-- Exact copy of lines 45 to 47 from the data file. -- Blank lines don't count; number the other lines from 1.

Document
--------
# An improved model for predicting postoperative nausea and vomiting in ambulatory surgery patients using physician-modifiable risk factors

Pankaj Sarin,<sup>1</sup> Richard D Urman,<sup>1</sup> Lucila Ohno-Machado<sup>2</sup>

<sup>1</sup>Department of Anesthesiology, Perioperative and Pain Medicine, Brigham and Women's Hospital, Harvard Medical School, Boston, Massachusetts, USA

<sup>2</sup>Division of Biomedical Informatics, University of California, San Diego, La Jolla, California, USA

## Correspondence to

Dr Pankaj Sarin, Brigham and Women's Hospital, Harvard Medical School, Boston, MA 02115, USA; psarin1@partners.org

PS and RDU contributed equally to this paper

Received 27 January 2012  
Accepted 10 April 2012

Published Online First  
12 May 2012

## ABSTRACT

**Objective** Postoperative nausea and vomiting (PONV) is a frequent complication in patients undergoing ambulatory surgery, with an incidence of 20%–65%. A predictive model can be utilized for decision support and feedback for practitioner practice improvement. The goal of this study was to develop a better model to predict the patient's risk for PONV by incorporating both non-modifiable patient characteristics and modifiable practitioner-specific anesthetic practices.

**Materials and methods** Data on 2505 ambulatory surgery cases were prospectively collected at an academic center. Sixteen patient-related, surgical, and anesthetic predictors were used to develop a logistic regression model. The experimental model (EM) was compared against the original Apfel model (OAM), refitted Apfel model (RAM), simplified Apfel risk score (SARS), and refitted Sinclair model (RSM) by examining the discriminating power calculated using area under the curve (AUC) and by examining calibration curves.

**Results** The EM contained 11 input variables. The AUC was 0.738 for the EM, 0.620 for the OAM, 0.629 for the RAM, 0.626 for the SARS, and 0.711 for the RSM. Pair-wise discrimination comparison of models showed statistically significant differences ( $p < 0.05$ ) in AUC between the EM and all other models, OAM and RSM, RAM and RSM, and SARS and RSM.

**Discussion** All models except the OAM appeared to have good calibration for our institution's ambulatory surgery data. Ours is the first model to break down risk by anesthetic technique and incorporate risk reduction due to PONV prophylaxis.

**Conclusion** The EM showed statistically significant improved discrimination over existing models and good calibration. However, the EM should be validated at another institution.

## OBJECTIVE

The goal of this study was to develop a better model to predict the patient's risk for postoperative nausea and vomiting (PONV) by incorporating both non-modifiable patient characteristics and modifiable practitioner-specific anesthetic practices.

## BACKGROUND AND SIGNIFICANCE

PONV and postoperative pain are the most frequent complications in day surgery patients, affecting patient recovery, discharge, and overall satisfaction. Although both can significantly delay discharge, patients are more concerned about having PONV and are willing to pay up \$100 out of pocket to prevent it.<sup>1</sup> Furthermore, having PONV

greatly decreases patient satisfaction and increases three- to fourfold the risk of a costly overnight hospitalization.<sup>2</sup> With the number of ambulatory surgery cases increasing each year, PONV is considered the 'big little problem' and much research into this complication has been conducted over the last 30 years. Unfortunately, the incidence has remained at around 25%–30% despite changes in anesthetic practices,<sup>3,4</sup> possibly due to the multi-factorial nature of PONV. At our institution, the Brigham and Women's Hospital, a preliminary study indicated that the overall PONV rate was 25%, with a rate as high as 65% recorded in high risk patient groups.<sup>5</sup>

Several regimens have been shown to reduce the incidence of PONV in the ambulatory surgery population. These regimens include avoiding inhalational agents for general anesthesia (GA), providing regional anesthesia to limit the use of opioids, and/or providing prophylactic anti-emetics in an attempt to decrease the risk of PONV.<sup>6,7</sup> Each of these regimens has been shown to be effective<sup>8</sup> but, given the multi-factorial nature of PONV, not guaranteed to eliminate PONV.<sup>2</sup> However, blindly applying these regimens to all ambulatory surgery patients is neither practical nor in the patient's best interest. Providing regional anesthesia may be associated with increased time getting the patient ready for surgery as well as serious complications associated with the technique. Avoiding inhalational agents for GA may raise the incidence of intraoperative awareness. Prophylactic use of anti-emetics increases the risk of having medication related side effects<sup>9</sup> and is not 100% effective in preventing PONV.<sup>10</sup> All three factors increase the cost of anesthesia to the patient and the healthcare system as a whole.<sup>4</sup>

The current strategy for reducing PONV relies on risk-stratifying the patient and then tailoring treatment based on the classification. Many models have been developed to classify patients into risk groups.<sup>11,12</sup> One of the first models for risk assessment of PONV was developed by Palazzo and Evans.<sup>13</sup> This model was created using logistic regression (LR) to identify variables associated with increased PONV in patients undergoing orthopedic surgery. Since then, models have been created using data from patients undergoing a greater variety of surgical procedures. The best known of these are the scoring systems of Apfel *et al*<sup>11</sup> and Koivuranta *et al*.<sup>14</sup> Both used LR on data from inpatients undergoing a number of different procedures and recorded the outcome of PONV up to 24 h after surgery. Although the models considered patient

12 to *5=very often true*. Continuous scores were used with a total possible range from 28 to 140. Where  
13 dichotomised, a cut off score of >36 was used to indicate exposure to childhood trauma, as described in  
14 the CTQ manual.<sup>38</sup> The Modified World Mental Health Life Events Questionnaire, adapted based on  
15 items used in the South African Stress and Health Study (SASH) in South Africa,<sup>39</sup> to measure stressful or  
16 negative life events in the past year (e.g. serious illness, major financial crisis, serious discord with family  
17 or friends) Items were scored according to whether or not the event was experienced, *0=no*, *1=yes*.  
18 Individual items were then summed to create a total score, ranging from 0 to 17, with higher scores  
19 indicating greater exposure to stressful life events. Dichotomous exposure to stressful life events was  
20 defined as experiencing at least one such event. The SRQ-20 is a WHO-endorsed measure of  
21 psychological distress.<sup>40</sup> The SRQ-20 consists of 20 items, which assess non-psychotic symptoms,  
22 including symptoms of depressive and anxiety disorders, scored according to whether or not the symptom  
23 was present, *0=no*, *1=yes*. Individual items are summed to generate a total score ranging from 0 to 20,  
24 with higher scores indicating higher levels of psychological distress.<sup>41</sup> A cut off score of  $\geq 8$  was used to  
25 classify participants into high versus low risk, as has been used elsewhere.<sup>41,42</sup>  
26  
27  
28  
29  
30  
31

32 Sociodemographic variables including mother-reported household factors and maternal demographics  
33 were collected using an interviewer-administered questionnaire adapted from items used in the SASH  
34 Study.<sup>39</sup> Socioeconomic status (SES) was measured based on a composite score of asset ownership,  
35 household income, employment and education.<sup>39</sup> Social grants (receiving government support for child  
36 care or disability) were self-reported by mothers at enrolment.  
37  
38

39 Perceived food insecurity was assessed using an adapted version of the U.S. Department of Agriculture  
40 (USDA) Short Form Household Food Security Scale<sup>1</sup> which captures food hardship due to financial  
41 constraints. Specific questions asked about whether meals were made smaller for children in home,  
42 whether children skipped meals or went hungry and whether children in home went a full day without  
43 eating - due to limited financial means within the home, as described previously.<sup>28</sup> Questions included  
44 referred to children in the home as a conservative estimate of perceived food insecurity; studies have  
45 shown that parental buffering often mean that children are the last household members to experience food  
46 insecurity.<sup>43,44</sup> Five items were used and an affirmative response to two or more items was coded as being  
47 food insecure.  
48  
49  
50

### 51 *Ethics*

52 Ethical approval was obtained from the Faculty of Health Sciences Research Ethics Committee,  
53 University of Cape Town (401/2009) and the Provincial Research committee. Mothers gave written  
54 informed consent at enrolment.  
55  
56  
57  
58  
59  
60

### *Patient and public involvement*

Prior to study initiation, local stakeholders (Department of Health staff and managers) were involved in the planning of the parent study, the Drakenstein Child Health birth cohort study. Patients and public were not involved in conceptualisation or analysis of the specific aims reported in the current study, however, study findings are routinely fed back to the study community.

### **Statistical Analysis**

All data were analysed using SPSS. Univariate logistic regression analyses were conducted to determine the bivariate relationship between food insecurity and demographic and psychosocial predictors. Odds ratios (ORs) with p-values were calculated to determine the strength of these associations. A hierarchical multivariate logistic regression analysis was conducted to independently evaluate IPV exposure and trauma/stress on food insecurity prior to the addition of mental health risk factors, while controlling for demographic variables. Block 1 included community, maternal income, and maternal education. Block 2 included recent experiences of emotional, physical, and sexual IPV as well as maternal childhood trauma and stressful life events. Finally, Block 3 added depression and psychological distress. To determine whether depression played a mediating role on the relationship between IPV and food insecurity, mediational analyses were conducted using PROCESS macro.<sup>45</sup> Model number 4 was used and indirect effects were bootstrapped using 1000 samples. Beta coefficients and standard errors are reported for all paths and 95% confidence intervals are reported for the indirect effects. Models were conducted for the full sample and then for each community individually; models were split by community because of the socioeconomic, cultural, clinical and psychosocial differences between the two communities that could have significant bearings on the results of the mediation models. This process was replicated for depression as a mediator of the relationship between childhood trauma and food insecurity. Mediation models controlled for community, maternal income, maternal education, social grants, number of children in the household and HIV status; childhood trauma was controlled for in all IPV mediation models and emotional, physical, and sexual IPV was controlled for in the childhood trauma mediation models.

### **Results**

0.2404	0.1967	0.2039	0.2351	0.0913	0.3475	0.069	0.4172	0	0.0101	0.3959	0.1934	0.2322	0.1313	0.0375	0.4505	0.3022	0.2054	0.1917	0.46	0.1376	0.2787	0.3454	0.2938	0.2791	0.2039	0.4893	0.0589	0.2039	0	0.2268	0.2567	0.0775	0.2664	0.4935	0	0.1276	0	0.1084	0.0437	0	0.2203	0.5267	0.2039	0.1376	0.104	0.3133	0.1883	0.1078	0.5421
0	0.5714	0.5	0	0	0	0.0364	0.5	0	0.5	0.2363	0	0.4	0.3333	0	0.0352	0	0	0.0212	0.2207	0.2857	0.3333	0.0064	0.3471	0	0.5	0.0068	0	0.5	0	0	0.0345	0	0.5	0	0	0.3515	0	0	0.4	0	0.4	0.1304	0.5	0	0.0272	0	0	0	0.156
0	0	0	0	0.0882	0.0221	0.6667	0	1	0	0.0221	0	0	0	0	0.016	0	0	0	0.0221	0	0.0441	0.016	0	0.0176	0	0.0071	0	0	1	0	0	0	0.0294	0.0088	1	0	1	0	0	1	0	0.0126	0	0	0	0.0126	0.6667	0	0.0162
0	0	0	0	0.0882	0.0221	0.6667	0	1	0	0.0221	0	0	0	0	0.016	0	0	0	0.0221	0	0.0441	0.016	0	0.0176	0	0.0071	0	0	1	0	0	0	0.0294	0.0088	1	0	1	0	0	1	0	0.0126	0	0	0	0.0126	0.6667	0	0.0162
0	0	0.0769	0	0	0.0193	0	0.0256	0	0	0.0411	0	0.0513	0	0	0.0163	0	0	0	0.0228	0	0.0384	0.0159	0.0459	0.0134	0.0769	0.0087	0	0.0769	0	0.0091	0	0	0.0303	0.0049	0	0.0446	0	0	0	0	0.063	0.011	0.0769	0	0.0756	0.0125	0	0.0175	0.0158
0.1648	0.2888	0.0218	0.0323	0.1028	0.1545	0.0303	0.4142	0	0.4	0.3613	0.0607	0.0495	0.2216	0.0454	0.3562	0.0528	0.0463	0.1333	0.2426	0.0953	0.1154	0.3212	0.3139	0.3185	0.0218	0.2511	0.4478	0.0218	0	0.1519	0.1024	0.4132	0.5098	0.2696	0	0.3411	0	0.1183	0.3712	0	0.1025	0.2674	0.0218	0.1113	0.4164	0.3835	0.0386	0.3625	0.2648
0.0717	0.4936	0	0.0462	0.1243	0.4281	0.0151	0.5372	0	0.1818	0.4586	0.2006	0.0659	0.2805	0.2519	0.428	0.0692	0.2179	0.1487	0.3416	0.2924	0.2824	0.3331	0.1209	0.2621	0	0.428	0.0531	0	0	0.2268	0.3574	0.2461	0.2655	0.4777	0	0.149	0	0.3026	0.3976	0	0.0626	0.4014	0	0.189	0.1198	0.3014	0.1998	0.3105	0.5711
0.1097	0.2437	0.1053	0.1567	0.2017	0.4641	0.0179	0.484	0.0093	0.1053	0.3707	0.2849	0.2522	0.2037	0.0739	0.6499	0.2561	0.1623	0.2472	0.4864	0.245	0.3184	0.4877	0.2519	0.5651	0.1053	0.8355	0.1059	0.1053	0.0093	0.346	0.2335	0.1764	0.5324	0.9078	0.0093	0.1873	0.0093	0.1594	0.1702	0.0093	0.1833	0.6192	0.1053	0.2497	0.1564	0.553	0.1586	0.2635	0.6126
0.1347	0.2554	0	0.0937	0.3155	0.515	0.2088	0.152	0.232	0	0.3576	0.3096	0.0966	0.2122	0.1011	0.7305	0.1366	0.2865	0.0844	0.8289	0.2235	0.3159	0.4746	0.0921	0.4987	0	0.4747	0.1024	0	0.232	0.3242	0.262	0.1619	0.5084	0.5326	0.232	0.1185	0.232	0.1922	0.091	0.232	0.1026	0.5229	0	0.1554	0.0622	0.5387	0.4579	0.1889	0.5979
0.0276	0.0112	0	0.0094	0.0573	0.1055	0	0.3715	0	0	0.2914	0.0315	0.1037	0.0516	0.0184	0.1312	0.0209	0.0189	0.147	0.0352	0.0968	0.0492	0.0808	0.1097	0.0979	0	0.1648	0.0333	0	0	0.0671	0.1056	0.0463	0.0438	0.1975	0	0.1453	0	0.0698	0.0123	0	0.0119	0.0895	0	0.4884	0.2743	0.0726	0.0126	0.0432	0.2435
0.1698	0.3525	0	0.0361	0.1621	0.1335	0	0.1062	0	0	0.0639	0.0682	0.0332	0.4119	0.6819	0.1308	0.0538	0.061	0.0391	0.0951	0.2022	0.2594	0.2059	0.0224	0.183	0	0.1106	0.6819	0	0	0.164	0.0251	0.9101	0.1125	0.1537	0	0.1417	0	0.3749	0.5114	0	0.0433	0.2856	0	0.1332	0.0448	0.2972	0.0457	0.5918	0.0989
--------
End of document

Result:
32 Sociodemographic variables including mother-reported household factors and maternal demographics  
33 were collected using an interviewer-administered questionnaire adapted from items used in the SASH  
34 Study.<sup>39</sup> Socioeconomic status (SES) was measured based on a composite score of asset ownership,  